A map of the Owasco Lake Watershed. The lake is the collection point for all the water in the 208-square-mile watershed.

Cayuga County Department of Planning and Economic Development

It's fair to call the handling of the Owasco Lake Watershed Inspection Program's transfer a mess.

The program was supposed to be moved from the auspices of the Cayuga County Soil and Water Conservation District to the Owasco Lake Watershed Management Council by the start of 2018. But as that deadline grew closer, legal questions arose about the management council's bylaws and structure, as well as some logistical questions about how the program's employees pay and benefits would be effected.

The first public indication that the new year transfer was in jeopardy came last month. And then last week, the delay was confirmed when the management council and the conservation district agreed to maintain the status quo arrangement well into 2018.

But we also got a sense that the entire plan might be scrapped. Ed Wagner, the town of Owasco supervisor who is chair of the management council, had some interesting comments at the conservation district meeting: "I can foresee this being January 2019," he said of the new date for when a transfer might occur. "The reality is, if we go that far, it probably would be a cleaner transition if we waited until the following January, if we go forward at all."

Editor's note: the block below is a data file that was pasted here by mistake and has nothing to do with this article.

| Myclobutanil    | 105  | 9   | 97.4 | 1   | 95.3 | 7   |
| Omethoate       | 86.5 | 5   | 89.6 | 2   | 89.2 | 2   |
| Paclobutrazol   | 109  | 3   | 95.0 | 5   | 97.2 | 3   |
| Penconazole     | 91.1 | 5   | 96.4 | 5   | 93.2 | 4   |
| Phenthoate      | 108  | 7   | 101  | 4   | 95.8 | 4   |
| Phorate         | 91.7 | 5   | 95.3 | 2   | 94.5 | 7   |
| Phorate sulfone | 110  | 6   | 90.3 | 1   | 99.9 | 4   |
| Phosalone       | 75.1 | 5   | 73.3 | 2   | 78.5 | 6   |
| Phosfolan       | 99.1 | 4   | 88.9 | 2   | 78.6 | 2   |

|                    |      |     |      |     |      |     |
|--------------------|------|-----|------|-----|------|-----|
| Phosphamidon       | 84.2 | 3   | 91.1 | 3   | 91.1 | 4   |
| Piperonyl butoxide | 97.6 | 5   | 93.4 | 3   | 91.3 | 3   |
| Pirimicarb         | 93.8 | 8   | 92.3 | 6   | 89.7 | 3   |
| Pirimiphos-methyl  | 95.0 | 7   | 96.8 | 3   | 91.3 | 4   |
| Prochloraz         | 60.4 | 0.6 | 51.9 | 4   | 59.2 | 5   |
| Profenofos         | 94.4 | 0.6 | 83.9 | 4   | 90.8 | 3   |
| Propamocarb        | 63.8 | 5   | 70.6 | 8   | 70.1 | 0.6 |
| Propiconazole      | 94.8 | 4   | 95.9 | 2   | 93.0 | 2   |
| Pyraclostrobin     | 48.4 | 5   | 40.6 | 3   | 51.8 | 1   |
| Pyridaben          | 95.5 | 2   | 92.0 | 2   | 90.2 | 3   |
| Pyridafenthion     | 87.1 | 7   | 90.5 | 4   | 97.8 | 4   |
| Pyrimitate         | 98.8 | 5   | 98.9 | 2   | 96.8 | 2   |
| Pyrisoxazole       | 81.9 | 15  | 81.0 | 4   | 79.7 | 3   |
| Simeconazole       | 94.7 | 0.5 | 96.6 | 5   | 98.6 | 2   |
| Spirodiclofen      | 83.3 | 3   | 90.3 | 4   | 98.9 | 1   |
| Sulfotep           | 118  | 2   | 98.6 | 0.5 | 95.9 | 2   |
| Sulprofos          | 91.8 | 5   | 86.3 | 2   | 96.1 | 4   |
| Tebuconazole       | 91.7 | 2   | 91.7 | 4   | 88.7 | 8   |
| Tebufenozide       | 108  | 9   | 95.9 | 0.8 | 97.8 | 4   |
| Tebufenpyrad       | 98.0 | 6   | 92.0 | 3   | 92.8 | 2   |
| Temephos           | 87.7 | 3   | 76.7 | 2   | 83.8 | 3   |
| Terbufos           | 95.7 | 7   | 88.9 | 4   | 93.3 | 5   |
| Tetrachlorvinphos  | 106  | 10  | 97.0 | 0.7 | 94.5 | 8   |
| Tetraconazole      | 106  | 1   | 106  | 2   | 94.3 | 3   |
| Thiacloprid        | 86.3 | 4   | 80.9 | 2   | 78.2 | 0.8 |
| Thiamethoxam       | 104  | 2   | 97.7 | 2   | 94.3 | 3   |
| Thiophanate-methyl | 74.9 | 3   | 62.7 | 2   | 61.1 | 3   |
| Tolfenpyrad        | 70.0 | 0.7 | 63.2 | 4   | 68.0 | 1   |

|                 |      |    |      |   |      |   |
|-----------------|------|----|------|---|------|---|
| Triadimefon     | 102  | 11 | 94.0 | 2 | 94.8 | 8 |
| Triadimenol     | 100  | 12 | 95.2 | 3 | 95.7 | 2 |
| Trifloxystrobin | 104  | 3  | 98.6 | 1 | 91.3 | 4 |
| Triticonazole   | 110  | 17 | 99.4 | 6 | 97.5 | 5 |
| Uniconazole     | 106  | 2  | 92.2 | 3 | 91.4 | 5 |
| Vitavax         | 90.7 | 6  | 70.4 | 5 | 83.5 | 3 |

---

Wagner said it's now possible that the program could stay permanently with the conservation district, or it could be moved to city of Auburn control instead of the watershed management council.

We believe both of those situations would be a mistake. To understand why, go back to when the Owasco Lake Watershed Management Council was formed in 2010.

The three municipal government entities with the most direct oversight of the lake — the city of Auburn, town of Owasco and Cayuga County — jointly met and voted to create this new intermunicipal body that would devote its full mission to the restoration and protection of the lake. The goal was to create shared responsibility and buy-in, and the idea was to also bring more watershed communities on board so the entire watershed area would be part of the effort.

That same goal — responsible environmental stewardship of Owasco Lake — aligns perfectly with the Owasco Lake inspection program. The conservation district must focus on much more than Owasco Lake, so its oversight of inspectors can be diluted. And Auburn officials could easily struggle to work with watershed towns around the lake if inspectors report directly to the city government.

The good news is that the inspection program will continue in 2018. For all the chaos of the past couple of months, the decision to hit the pause button was smart. It's better to slow down a transition to new oversight than to rush into something and discover serious legal or operational issues to work out. 

But these issues that need to be worked out — and perhaps even some behind-the-scenes political struggles that need to be resolved — should not derail the ultimate goal of aligning Owasco Lake inspectors with the watershed management council.

The Citizen Editorial Board includes publisher Rob Forcey, managing editor Mike Dowd and executive editor Jeremy Boyer.